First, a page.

Allie K. Miller works with some of the world’s most innovative Artificial Intelligence companies in her role at Amazon Web Services. Her career path and unique job helped her get involved in a new report that looks at the opportunities for women in AI and ways to close the industry’s gender gap.
“My job didn’t exist three years ago. It was nowhere in the world." said Miller, global head of machine learning and business development for startups and venture capital at AWS. “Today, there are infinite paths to get into AI and machine learning. It’s not this narrow little sidewalk you have to tiptoe. It’s a 14-lane highway.”
Miller was one of several women in AI leadership positions interviewed for Women in AI, a new report by AWS partner Deloitte and their AI Institute. The report examines the roots of the gender gap in the industry—as well as what can be done to fix it—and the opportunities available to women in the fast-growing field.
The report is based on in-depth interviews with 12 executives, all women, and a survey of 200 experts working in AI, a quarter of whom identified as male. AWS co-sponsored the Women in AI report. It includes a foreword from LaDavia Drane, who heads Global Inclusion, Diversity, and Equity at AWS, and Kavitha Prabhakar, chief officer of Diversity, Equity, and Inclusion at Deloitte.
In order to build an effective AI system, an AI team needs to be as diverse as the population the team’s AI will impact. Given that half the world’s population is female, having more gender diversity in AI is “common sense,” as Miller put it. Yet women only make up 26% of data and AI positions in the global workforce. Why?
One of the main barriers to women working in AI comes long before they enter the job market, according to the report. Social and cultural stereotypes, such as girls not being as capable as boys in math or science, often dissuade young women from pursuing study focused on STEM (science, technology, engineering, and math).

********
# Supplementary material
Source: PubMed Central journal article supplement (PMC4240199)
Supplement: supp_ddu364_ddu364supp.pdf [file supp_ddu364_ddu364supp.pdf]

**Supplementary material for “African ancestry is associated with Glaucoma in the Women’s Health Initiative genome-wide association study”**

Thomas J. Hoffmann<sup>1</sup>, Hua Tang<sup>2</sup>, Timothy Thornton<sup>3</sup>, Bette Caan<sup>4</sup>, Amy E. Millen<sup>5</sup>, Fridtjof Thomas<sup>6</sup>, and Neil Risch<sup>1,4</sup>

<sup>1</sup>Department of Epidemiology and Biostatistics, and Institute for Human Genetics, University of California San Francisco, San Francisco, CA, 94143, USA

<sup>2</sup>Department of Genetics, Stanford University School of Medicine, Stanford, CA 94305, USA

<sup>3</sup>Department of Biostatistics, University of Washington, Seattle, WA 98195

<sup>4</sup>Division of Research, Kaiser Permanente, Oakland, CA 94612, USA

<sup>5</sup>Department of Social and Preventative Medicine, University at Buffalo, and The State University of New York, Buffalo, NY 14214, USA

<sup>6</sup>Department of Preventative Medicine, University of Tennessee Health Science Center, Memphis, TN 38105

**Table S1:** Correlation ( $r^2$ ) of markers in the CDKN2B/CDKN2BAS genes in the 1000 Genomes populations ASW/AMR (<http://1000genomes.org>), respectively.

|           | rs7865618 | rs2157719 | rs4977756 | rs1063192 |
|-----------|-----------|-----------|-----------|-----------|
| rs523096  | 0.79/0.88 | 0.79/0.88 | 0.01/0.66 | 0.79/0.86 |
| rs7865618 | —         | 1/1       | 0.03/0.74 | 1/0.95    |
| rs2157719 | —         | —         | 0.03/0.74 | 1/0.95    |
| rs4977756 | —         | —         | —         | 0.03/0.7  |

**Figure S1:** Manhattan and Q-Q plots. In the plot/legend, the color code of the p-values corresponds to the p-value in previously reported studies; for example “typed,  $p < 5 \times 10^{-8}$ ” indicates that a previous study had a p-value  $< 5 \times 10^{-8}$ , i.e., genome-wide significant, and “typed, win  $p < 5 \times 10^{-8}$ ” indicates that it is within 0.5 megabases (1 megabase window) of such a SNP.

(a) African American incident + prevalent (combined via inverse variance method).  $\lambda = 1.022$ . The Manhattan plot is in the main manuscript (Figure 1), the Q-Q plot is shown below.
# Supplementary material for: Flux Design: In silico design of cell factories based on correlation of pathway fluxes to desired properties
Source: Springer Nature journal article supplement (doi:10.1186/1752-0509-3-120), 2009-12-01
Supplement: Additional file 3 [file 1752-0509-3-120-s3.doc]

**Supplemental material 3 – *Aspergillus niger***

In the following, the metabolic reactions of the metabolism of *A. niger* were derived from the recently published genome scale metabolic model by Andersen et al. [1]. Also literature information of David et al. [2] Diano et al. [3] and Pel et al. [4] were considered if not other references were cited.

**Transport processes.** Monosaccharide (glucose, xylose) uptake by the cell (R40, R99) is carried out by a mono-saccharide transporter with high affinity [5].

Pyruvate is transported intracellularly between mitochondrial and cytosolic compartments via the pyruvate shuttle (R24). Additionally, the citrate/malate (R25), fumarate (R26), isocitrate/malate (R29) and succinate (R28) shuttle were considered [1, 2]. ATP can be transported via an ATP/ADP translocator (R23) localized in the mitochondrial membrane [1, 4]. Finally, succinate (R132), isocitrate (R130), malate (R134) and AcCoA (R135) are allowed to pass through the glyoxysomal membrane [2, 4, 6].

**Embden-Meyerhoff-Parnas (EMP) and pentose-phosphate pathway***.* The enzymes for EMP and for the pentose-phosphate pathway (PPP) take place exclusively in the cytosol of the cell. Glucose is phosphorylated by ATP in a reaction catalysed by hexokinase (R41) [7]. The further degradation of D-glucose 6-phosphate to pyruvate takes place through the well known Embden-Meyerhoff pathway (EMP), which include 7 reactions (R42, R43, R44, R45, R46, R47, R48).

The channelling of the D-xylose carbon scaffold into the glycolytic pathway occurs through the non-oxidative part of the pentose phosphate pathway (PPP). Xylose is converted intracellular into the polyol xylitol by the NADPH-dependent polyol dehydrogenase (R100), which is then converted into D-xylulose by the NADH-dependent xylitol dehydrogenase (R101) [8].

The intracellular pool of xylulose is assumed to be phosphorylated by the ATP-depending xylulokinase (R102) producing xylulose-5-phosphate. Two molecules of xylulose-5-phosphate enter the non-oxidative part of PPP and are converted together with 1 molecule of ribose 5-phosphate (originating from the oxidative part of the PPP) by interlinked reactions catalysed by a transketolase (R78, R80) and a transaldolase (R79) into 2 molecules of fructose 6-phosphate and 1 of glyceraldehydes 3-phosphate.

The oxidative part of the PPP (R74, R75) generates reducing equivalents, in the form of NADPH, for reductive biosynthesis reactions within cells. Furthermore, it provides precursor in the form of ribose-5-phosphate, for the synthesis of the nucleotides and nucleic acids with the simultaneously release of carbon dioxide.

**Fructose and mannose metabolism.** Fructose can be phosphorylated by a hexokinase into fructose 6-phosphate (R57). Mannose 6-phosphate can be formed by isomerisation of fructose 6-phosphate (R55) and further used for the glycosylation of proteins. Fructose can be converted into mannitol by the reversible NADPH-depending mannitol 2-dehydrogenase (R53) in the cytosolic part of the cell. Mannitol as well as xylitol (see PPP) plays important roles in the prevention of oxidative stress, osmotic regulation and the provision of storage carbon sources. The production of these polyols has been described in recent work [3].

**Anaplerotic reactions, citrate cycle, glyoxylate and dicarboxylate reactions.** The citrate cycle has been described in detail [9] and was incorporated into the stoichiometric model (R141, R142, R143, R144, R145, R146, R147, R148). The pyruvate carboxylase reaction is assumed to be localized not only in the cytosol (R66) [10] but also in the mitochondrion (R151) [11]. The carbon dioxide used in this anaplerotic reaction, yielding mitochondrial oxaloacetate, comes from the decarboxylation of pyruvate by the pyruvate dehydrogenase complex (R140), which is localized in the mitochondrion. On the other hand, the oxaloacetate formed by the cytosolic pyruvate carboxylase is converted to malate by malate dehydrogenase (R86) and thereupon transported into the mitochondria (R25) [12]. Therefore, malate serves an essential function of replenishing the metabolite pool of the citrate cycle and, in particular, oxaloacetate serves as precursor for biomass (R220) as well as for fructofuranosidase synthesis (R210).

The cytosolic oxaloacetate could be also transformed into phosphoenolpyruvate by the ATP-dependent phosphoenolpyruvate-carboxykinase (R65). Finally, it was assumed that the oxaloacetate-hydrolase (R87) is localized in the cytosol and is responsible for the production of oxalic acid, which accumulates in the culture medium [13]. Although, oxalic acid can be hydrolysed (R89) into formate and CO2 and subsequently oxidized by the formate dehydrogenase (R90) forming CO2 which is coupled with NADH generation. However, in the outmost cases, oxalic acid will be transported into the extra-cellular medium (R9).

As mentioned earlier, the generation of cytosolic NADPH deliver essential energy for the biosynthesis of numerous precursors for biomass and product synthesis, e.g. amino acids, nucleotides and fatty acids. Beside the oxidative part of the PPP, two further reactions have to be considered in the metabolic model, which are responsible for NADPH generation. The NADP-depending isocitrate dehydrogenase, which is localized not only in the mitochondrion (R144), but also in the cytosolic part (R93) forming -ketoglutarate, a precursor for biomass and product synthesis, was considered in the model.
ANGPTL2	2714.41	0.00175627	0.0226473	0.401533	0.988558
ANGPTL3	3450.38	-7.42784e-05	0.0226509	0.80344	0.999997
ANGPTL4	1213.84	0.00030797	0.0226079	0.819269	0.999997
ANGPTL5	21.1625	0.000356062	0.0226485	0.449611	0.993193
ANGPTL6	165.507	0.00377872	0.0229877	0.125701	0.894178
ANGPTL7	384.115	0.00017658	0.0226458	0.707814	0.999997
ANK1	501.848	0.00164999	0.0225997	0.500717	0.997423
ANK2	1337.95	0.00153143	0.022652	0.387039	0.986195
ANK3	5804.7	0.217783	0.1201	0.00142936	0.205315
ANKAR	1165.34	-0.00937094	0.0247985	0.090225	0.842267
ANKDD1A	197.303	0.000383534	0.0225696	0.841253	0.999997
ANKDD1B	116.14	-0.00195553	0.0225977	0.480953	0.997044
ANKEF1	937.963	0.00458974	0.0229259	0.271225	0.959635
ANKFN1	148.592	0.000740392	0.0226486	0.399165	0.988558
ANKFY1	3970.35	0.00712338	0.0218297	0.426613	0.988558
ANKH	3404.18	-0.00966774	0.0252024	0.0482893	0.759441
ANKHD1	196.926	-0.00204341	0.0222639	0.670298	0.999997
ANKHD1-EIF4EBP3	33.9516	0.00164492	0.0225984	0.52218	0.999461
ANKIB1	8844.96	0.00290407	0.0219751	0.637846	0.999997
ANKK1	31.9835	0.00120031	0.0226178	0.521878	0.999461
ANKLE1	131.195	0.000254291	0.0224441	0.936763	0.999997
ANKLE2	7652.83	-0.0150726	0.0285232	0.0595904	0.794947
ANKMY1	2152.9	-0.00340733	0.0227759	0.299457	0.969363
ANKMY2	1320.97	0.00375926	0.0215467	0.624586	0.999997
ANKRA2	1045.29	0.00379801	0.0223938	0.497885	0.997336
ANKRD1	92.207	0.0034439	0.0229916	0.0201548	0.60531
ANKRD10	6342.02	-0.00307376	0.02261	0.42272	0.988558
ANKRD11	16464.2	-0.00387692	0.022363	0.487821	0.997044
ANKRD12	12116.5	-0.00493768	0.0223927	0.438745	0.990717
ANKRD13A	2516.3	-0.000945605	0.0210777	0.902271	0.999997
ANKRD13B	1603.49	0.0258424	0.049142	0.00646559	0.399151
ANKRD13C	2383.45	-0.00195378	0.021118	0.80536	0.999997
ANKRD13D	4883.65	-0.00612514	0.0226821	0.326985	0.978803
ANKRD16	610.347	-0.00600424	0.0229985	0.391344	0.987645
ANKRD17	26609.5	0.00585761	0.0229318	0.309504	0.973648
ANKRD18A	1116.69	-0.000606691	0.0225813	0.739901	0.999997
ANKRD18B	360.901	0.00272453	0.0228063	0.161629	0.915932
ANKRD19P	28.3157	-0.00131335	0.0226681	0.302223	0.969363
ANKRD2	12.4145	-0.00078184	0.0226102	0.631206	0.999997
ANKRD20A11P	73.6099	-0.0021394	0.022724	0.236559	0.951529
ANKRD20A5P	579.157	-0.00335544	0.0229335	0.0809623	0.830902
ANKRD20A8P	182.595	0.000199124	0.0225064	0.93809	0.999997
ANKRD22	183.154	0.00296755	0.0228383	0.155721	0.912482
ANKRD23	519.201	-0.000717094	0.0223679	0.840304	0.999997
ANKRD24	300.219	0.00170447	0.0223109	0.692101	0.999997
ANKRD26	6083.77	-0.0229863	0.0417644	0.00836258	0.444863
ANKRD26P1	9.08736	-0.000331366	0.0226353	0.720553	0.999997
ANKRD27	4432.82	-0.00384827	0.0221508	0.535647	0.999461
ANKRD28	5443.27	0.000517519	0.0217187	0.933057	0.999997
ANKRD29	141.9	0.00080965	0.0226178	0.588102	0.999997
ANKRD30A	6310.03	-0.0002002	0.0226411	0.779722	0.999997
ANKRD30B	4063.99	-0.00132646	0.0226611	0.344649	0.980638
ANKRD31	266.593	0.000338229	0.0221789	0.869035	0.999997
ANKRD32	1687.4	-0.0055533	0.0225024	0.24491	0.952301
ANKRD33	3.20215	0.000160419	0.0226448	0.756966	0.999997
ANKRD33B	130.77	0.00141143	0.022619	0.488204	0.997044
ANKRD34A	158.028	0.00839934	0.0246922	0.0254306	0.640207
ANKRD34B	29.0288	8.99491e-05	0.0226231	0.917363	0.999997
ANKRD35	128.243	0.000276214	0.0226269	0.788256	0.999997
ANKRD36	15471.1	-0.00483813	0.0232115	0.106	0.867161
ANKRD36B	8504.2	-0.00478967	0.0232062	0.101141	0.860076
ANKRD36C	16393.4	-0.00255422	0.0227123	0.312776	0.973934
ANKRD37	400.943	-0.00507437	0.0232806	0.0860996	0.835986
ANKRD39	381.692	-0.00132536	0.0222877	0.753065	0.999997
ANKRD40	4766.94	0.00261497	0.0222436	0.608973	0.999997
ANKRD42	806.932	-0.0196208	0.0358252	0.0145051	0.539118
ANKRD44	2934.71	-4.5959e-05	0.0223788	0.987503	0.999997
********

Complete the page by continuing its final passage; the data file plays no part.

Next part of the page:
Many of the women Deloitte researchers interviewed said they wouldn’t have pursued a path to AI had they not had a direct influence to get into STEM, such as a mother who worked in science or an engineering camp in middle school. The women also emphasized the roles of mentors. “When I look back at my career, most of my successes can be traced back to a mentor,” Miller said. “The benefits of the mentor-mentee relationship cannot be overestimated.”
“The advice I would have given my younger self on my professional development is ‘don’t be afraid to ask for help,’” said Dr. Nashlie Sephus, applied science manager for AWS, another leader interviewed for the report.
The report emphasizes that although a strong mathematical or statistical background can be important in AI, it is not a prerequisite. And even though men outnumber women in the AI industry, men aren’t necessarily more advanced in their AI careers, according to the report. AI is still a nascent field where relatively few people have leading expertise, and many organizations and workforces are just beginning their AI journeys.
Among the report’s key recommendations:
Build and showcase archetypes of women working in AI
Researchers said it is vital to have women in visible roles as scientists or AI leaders within business and society. Those leaders provide other women working in AI with clear examples of how to advance professionally, and their visibility helps deconstruct stereotypes about women and girls not belonging in STEM fields.
Provide education on AI
Organizations need to remove the ambiguity surrounding what it means to work in AI and showcase the numerous opportunities in the industry beyond engineering and tech roles. Businesses also must promote a culture of continuous learning and provide women interested in AI with professional development opportunities.
Mentor future women in AI
Many of the women interviewed for the report said mentorship was a key driver behind their success. They said informal relationships had as much, if not more, influence on their trajectory than formal programs.
Create a culture of diversity and inclusion at all levels
The report found that organizational programs to address gender diversity are likely not enough on their own. Creating a culture of inclusion means constantly searching for and eliminating biases and discrimination against women in the workforce, while at the same time placing women into organizational opportunities where they have been historically underrepresented.
“What struck me most about this research is that it clearly shows the way to increase representation of women in AI goes far beyond recruitment,” said Drane, who leads AWS’s global inclusion, diversity, and equity efforts.
“It starts with supporting early STEM education and showing young women and girls what AI roles are out there. It’s real, active mentorship that’s organic and from peers, and it’s ongoing training and development to build AI leaders that organizations can then champion.
“All of this resonates with me because it's clear we're on the right track at AWS with our focus and commitments,” Drane said. “But it's also clear we need to do more. We all do. And now we know the path to get there.”
Get the full report here.